PPM Builds Reach, Among Radio Listeners, Advertisers Too

Prospects for the launch of a portable people meter service got some more good news on Tuesday when an influential group of national advertisers gave it their endorsement. The vote of confidence from the Association of National Advertisers' Radio Advertising Committee follows a series of deal announcements PPM developer Arbitron has announced with major ad agency companies, including Carat, Interpublic and WPP Group. Arbitron has been pulling out all stops to convince radio broadcasters to follow suit, and got some additional support Tuesday when researcher Harmelin Media released findings of a study analyzing Arbitron's PPM data form its Philadelphia test indicating that radio delivers far greater audience reach than indicated by Arbitron's current paper diary rating system.

Bernie Shimkus, who directed the Harmelin study, described it as "a comparison of the paper diaries with PPM data on actual purchased radio schedules," and termed the results surprising because "typically, radio has been viewed as a frequency-building medium rather than a reach medium, but this study would seem to indicate it has an ability to generate much higher reach numbers."



According to Shimkus, the PPM revealed anywhere from 13 percent to 118 percent greater reach among demographics in particular time periods, with the latter figure occurring among programming aimed at 18- to-24-year-old men, a primary demographic for many radio advertisers. Shimkus said most results were usually 15 percent to 25 percent higher than paper diary data had led marketers to believe.

"The industry knew that a methodology requiring someone to remember and physically write down what they had listened to was probably not accurate," Shimkus ventured, "but even so, it's interesting how different the results really were."

The granularity of demographic data provided by Arbitron's PPM device--currently limited to age and gender breakdowns--could be easily extended to include valuable data such as income, Shimkus added. "You could get this kind of information, and you could get it more quickly. The current diary service is a three-month rolling average. You can get this tomorrow."

Phyllis Maguire, executive vice president and managing director at MPG, echoed Shimkus' sentiments: "The diary system is antiquated, and [the PPM data] is a true representation of what people are listening to, how often they're listening to it, and how often they're switching stations." Maguire also noted the data's implications for radio reach: "The notion that we've always been dealing with is that radio is just a frequency medium, but now we have evidence to support what everyone has always suspected--namely that it's a good reach medium as well."

And what do the results imply for the pricing of radio ad time? Maguire pointed to the example of Nielsen's introduction of television People Meters in 1987 as a precedent: "We faced the same when Nielsen rolled out the People Meter in local markets, and it turned out to be a one-time cost adjustment. Yes, the individual cost points could go up, but it's definitely going to vary by station. Really, the concern should not be that people are going to move away from radio if they adopt the PPM--it's that they're going to walk away if they don't."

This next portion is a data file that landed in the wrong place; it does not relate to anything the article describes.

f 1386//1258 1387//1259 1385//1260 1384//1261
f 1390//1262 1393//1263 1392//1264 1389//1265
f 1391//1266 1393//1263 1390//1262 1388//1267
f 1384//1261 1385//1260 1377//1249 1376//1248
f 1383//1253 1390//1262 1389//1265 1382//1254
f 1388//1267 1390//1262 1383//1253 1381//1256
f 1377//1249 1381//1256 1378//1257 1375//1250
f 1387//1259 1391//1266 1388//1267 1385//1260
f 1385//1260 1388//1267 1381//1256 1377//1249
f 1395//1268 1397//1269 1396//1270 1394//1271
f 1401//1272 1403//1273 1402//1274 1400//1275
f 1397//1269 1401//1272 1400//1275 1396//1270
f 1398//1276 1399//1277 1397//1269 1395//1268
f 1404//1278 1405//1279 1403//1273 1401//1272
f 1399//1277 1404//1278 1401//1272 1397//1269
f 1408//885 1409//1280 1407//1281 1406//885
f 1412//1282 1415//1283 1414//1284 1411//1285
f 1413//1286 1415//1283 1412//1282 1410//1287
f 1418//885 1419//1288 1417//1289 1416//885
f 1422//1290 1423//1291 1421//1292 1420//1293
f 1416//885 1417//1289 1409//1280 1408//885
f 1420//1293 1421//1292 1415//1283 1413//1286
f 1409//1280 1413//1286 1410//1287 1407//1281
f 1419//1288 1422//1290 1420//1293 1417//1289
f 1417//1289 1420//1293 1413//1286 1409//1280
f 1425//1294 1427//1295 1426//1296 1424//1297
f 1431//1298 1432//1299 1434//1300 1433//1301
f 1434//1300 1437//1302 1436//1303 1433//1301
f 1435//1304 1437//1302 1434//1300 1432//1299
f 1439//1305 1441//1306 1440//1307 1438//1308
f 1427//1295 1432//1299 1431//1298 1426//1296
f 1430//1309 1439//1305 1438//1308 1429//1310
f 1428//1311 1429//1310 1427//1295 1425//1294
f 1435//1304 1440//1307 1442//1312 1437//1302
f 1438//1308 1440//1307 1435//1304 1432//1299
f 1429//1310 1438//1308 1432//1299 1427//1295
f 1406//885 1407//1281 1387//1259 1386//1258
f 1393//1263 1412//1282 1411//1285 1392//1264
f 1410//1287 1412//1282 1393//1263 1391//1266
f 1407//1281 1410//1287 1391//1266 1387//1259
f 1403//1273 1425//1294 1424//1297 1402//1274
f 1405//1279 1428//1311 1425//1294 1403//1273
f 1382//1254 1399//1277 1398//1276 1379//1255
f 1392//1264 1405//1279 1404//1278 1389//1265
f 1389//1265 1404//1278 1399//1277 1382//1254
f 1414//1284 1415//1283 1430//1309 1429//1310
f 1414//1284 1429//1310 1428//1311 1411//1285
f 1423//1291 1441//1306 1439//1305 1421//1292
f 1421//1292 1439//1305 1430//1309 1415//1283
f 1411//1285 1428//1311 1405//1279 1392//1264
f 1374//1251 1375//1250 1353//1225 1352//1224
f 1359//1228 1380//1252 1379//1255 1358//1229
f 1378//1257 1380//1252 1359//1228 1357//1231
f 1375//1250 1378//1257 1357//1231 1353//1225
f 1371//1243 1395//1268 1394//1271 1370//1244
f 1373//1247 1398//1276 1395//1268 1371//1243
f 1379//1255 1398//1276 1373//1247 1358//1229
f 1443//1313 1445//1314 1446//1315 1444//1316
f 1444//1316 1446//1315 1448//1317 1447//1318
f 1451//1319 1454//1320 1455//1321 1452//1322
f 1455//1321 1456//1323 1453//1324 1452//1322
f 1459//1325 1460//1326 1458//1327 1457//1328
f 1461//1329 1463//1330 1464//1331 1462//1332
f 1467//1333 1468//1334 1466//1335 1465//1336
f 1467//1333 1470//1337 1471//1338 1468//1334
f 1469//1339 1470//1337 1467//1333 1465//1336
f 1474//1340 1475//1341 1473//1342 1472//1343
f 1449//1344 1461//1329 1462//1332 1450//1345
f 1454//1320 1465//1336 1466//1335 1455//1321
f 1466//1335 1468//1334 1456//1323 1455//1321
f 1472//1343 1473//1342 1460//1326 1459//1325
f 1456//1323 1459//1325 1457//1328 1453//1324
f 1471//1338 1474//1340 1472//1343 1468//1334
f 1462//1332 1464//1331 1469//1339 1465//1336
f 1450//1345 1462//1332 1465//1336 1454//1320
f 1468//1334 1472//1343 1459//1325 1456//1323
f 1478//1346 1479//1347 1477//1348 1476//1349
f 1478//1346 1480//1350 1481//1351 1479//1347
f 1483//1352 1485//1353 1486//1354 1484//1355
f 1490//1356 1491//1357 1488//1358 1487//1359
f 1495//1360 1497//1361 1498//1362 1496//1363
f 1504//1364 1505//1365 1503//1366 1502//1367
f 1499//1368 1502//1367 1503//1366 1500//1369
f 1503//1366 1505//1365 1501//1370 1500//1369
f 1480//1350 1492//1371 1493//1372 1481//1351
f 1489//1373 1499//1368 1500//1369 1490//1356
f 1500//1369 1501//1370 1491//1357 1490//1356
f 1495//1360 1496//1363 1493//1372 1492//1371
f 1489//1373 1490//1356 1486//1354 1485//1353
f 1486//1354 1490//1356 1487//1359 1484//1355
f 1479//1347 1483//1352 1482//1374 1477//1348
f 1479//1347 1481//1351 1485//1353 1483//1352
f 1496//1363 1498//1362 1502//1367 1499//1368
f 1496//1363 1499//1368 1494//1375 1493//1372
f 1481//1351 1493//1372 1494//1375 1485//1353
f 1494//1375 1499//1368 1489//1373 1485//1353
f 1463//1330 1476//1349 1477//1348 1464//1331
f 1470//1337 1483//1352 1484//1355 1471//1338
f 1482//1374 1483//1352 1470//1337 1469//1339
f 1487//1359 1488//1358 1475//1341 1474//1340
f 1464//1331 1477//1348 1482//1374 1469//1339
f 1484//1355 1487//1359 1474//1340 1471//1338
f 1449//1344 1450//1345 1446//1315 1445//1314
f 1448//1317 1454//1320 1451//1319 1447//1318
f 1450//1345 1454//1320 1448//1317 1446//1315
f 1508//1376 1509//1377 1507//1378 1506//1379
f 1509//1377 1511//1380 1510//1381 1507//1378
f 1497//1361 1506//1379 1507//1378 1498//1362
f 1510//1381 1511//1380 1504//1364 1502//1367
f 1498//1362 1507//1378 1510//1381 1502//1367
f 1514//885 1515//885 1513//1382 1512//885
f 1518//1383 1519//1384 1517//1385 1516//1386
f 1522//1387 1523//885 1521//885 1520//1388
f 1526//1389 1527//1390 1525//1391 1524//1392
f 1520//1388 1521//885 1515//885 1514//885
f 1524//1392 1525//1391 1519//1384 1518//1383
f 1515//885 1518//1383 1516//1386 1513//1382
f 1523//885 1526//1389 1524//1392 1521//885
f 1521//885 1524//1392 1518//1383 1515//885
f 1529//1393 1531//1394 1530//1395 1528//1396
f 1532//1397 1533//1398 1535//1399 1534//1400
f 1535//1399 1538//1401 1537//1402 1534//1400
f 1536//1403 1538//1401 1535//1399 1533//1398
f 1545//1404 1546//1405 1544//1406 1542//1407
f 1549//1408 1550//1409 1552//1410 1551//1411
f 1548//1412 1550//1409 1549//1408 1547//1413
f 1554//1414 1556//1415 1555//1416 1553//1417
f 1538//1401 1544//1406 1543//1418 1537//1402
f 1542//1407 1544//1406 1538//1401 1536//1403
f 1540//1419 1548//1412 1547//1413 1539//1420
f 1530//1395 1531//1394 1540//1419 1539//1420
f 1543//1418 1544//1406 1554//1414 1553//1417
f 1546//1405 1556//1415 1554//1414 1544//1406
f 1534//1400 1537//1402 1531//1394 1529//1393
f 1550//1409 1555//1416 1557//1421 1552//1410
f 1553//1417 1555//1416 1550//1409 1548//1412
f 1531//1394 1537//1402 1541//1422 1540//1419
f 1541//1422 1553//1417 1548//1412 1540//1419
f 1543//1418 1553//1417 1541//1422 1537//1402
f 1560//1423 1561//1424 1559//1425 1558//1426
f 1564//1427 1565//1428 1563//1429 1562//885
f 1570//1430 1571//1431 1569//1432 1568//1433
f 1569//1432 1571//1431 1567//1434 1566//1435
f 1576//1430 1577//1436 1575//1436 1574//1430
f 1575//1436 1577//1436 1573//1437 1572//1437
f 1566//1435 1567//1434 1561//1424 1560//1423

The ANA's endorsement, meanwhile, adds pressure on radio broadcasters, which have been loath to commit to the PPM for a variety of reasons including fear over the economic impact to the radio advertising marketplace, and significantly higher ratings data costs associated with the new Arbitron product.

Radio giant Clear Channel Communications currently is evaluating responses to a request for proposals for a new electronic measurement service for radio audiences, including one submitted by Arbitron. A decision is expected in the next couple of months. Also expected within the next two months is a decision by Arbitron's erstwhile PPM partner, Nielsen Media Research, which has an option to create a joint venture with Arbitron based on the PPM, which would also provide TV ratings data.

The outlook for that venture, as well as a second PPM-based venture between Nielsen parent VNU and Arbitron to launch a single-source measurement system dubbed Project Apollo, also face some uncertainty, as VNU goes into play and may be broken up. A group of private equity firms is trying to take control of VNU and is expected to break it up and sell off the pieces, raising questions about whether a new Nielsen owner would want to move forward with the PPM venture, or whether a new ACNielsen owner would be keen to develop Project Apollo, which last week began rolling out a panel for a live field test this year.

During a regularly scheduled earnings call with investors, Arbitron CEO Steve Morris voiced confidence that new owners of the VNU assets would likely continue with the projects. Arbitron is deemed a potential bidder for one or more of the VNU assets, especially Nielsen Media Research, a move that would resolve some of those issues if it were to happen.

"To date, we've signed a number of national and regional advertising agencies to PPM contracts. These agencies account for nearly 70 percent of the national ad dollars spent on radio," Morris noted in Arbitron's fourth quarter 2005 earnings statement.

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